Mendelian epigenetics

Share on FacebookShare on Google+Email this to someoneTweet about this on Twitter

A paper in Nature Genetics describes a mutation in a tomato gene that leads to fruits that don’t ripen. This would be an important discovery in itself–the ripening of fruits is certainly an economically interesting trait–but a further twist makes it even more interesting. The twist: the mutation is actually an epimutation. That is, the two alleles–the non-ripening allele and the wild type allele–have no difference is sequence, but rather a difference in the methylation status of the promoter. The methylated allele is expressed at a lower level, leading to an inhibition of ripening.

Also interesting is that the methylation status of the allele seems to be fairly stable– they claim to have seen a tomato revert from the non-ripening phenotype to wild type three times in 3000 plants grown since 1993. So this epimutation acts essentially in a Mendelian fashion. Whether this will be a common occurrence in plants (or other taxa) remains to be seen.

Related: epigenetics in humans

9 Comments

  1. i don’t remember all the details, but this reminds me of the Arabidopsis superman/kryptonite story 
     
    http://www.ncbi.nlm.nih.gov/entrez/query.fcgi?cmd=Retrieve&db=PubMed&list_uids=11898023&dopt=Abstract

  2. Given that my green tomato pickle recipe is one of my leading search engine hit generators, I would say that there is commercial value in a tomato that does not ripen. If the effect had been discovered in another plant, I would guess we are not far from being able to apply this understanding to develop a GM green tomato. Kind of silly that it wil be much easier to market a “naturally occuring” one.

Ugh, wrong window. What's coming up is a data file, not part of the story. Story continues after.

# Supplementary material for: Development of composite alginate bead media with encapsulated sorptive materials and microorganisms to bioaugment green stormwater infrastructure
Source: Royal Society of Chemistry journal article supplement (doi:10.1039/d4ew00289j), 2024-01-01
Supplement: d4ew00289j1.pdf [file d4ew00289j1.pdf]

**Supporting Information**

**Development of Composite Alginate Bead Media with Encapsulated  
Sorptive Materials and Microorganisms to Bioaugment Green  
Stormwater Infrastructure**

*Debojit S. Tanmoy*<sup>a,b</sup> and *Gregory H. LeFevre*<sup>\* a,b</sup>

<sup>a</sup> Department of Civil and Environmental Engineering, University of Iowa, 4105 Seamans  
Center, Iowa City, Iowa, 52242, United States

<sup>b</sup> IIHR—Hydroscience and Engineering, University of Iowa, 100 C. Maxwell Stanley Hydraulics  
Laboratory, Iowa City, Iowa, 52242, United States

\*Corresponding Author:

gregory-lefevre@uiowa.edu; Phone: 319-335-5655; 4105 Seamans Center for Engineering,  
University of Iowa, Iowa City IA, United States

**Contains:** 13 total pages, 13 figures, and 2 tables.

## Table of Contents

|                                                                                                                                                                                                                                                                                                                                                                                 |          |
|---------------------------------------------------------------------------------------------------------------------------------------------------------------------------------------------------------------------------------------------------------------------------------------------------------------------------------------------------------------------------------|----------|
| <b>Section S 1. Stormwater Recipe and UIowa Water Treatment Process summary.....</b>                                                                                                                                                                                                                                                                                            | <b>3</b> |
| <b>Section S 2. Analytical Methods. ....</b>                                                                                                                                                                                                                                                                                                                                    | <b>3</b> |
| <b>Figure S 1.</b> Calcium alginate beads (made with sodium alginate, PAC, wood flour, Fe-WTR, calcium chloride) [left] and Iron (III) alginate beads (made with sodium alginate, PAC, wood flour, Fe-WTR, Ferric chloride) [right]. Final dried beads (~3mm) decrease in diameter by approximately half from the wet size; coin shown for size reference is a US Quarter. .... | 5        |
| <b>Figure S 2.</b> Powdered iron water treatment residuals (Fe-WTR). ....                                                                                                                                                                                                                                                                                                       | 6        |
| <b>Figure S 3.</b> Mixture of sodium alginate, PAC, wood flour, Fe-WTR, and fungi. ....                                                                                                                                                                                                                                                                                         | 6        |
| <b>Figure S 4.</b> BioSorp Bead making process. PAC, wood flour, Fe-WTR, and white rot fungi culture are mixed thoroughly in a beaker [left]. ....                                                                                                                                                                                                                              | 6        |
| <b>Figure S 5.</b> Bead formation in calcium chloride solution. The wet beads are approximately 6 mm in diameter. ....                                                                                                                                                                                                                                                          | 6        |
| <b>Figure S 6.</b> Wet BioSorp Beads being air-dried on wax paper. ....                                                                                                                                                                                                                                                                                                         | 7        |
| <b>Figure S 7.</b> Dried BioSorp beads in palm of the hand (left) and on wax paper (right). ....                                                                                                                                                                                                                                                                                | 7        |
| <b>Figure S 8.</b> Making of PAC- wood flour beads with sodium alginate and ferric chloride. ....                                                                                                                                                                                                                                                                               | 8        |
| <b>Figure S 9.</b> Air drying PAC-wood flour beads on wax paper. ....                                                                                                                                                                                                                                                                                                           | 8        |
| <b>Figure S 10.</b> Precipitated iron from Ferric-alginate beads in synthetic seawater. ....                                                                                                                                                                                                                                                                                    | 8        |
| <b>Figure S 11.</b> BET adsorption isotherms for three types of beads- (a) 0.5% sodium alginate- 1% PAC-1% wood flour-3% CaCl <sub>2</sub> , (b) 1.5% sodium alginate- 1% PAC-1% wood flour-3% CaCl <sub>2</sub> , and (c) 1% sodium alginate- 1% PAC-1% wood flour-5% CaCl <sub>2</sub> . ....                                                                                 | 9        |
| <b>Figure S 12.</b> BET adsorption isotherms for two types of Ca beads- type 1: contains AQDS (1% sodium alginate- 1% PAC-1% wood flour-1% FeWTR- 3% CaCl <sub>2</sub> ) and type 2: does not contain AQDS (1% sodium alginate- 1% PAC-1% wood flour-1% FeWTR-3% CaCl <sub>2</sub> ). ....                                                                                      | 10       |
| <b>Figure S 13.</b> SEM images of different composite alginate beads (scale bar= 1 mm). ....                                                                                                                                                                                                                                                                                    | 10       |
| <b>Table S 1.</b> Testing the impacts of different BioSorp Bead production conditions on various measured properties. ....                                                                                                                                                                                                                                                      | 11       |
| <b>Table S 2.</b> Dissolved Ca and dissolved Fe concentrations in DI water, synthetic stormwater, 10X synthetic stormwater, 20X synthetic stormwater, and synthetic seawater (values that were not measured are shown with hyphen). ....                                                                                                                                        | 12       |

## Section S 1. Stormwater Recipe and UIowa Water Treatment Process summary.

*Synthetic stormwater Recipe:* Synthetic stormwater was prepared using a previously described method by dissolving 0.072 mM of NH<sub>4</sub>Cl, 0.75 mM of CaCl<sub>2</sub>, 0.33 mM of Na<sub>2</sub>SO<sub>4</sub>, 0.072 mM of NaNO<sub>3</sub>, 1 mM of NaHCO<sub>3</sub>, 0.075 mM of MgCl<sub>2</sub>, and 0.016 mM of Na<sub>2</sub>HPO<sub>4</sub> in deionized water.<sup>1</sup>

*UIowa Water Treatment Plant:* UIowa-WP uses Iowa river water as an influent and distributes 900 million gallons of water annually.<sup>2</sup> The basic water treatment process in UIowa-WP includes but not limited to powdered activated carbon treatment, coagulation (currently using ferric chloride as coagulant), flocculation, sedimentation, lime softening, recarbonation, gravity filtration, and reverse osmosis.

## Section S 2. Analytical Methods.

3. So identical DNA sequences might actually be different genes, especially in the case of quantitative traits. 
     
    Should we be more excited about this?

  4. So identical DNA sequences might actually be different genes, especially in the case of quantitative traits. 
     
    you mean different alleles? but yeah, it’s intriguing stuff. if epigenetic inheritance is widespread, it would be pretty revolutionary, though if epimutations are stable and thus inherited in a mendelian fashion, it wouldn’t change a whole lot in terms of theory– evolution is substrate-neutral, after all.  
     
    but in practice, when looking for genes involved in complex traits, epigenetics adds another layer of complexity.  
     
    I think linkage studies should be robust to causal mutations being stable epimutations, but I’m not so sure about association studies. a reason for irreprodicible association results? (thinking out loud here, but I’m not so sure. I imagine there’s some correlation between genetic variation and epigenetic variation) 
     
    but there are only a few examples of epigenetic inheritance now. no one knows how big a role it’s going to play.

  5. a whole-genome look at methylation would give us a better picture of how important this is in humans. i expect this kind of data before too long.

  6. i expect this kind of data before too long 
     
    no doubt

a